There is hope that a younger generation is finally looking past the fabricated window dressing of Che’s image. Some sport satirical T-shirts that spoof the original while Australian rockers “The Clap” mock the Che Guevara T-Shirt wearer who has no Cuban friends and knows nothing of the man. “You didn’t know that he wasn’t the singer of a political rock band.” Share the video with an ignorant undergrad and you may even foster some independent thought.
Having been involved in the genesis of a well-known protest, I know how everyone, including the media, gets the facts wrong when they try to ascertain the reason such events occur. The media won’t ever pay the real movers and shakers of protests any notice because they don’t know who any of them are. They need comfy, famous names and faces to do part of their job for them. It’s been almost 2 years after the Tea Party Movement started and our own media still doesn’t know who started it, and in most cases, they still don’t know why!
On the morning of January 28th, 2011, 3 days after the first day of the Egyptian protests, I was reading through the #Jan25 hashtag stream on Twitter, and I noticed that most of the foreign tweets were in Arabic. No big deal… my browser has a “translate this page” feature, just click and voilà, the entire page is translated. The problem is, I started noticing that many of the Arabic #Jan25 tweets were using phrases that sounded like Karl Marx fanboys passing socialist love notes back and forth to one another in class. Since we at The Graph focus on combating the worldview of neo-Marxists, it’s easy for us to spot Marxist propaganda. So, I put on my grassroots protester hat and started digging in the social web streams, because that’s where grassroots protesters work their magic.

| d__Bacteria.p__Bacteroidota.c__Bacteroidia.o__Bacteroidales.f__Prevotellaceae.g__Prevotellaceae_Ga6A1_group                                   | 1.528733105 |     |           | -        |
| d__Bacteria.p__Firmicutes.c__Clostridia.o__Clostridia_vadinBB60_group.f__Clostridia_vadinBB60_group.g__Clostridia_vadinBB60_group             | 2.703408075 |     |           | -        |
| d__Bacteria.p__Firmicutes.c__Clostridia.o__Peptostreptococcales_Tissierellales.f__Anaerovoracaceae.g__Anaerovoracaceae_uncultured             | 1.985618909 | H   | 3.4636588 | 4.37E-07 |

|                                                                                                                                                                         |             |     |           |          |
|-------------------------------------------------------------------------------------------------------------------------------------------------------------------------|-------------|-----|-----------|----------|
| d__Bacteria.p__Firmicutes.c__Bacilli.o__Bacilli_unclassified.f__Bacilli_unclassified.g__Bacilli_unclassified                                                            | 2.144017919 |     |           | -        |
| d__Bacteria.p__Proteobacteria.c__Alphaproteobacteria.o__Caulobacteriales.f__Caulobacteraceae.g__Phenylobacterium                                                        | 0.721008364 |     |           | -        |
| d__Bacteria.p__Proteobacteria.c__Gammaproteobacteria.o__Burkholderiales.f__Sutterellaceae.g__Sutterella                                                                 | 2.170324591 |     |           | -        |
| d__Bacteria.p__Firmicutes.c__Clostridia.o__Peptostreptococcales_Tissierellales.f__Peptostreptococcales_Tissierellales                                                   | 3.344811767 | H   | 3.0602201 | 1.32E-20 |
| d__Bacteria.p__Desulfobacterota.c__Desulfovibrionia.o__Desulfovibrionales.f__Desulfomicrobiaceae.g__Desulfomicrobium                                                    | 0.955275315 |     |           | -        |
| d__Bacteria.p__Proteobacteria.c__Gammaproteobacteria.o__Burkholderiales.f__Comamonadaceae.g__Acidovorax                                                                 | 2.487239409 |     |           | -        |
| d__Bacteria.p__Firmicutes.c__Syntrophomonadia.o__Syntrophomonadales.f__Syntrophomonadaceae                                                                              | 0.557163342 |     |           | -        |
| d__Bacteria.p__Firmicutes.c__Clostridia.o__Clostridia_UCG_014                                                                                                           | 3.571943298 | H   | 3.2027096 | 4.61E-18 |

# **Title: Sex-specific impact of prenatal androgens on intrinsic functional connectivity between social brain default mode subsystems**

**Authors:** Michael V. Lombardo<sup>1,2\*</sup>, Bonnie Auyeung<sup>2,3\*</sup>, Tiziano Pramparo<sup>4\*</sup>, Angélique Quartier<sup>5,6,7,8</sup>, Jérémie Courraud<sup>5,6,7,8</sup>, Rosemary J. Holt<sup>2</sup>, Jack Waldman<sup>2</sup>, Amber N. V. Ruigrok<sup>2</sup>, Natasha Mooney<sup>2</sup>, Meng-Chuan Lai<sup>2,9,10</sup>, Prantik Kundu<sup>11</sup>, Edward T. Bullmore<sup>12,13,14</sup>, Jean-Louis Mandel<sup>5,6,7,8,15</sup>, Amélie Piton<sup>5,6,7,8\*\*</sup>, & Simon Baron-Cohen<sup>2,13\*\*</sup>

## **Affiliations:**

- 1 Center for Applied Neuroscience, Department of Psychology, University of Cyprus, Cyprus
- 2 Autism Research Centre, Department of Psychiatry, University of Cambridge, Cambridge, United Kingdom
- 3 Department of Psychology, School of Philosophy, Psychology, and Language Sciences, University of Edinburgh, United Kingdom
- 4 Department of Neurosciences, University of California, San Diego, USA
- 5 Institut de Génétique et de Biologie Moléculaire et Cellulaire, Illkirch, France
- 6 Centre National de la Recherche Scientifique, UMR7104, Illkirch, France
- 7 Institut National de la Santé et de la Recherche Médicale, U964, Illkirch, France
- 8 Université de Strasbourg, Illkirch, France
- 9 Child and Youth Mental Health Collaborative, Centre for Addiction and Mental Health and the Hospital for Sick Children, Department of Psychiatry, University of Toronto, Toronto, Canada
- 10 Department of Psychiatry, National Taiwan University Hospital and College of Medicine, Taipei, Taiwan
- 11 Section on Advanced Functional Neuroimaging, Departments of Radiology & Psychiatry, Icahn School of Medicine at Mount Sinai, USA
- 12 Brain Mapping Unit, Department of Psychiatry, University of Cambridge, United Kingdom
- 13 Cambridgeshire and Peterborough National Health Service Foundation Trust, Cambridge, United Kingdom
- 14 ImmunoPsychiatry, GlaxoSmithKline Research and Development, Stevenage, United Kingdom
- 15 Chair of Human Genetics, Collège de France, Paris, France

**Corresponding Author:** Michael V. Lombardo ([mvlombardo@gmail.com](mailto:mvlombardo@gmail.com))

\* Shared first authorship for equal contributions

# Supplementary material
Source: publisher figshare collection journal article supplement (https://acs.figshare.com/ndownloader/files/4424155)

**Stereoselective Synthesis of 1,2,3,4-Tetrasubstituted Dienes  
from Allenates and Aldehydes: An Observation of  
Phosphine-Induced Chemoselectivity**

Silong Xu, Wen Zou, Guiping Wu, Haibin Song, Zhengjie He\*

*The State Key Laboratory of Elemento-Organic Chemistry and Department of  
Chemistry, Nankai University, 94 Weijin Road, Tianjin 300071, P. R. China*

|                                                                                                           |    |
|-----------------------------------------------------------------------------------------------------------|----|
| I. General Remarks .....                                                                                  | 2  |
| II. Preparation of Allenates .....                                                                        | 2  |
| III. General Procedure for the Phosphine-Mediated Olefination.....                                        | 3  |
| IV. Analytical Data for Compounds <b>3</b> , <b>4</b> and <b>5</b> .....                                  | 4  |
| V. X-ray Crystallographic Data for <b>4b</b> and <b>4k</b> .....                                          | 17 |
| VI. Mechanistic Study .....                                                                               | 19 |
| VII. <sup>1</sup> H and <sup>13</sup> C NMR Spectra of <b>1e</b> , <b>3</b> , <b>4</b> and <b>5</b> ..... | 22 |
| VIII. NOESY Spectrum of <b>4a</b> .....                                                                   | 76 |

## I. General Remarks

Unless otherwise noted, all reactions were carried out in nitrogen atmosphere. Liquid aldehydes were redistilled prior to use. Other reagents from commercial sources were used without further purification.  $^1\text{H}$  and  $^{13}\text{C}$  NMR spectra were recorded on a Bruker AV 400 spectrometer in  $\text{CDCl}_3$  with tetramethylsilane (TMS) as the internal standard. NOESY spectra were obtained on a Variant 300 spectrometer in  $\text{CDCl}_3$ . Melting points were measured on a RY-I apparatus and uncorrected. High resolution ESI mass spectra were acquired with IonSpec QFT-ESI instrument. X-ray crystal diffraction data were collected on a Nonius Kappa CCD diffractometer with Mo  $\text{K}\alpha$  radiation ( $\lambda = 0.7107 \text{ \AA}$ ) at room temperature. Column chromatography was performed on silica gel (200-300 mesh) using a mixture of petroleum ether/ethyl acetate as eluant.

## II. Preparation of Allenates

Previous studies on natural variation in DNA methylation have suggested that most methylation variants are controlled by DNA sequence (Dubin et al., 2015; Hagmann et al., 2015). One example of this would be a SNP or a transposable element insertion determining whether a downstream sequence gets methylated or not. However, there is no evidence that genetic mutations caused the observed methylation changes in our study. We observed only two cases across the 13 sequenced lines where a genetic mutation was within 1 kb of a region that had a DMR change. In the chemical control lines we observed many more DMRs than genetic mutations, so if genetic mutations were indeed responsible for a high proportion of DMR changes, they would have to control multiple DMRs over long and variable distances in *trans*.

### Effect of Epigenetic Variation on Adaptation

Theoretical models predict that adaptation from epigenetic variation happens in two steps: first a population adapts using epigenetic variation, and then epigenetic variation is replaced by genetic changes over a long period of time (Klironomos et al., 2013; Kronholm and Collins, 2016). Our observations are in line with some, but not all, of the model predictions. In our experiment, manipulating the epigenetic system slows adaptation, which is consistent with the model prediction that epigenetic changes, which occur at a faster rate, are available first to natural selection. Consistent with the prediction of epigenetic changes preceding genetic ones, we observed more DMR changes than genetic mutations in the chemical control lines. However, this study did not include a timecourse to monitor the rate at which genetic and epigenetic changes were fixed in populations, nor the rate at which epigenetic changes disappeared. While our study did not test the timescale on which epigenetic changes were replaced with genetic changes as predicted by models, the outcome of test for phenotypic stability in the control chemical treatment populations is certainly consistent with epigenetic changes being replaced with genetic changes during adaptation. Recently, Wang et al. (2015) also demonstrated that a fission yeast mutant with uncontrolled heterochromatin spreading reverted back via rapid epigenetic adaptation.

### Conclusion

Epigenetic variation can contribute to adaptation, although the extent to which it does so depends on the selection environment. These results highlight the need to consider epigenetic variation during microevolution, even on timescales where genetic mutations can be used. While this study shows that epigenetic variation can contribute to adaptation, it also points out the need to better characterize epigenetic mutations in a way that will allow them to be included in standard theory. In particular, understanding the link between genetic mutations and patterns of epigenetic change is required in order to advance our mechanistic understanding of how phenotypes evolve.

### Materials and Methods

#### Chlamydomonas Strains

In America, people are concerned that the Muslim Brotherhood are involved in the origination of these protests. In many tweets from Egyptians/Arabs in the #Jan25 stream people were very adamant about the Muslim Brotherhood not being the group responsible for the protests. The Muslim Brotherhood sounds like the Tea Party Express of the Egyptian protests – the western mainstream media is incorrectly attributing them for something they didn’t create.
I found no tweets in the #Jan25 hashtag stream espousing Islamic extremism. However, most Egyptians still link Sharia with justice.
These Egyptian grassroots political activists, most of them socialist/Marxist/unionist, used the momentum of the recent “revolution” in Tunisia to kick-off their January 25th protests. But who was behind the protests in Tunisia? Were the same people responsible there? If you look at the people who were appointed to the new Tunisian government, that should be obvious. Socialists. In the first post-Ben Ali government, the following new people were initially selected to serve as part of a 17 member cabinet. The other members were pre-existing members from the old regime:
- Mustapha Ben Jafar from the Democratic Forum for Labour and Liberties – This party is an advisory member of the Socialist International and is a coalition member with the Communist Party of Tunisian Workers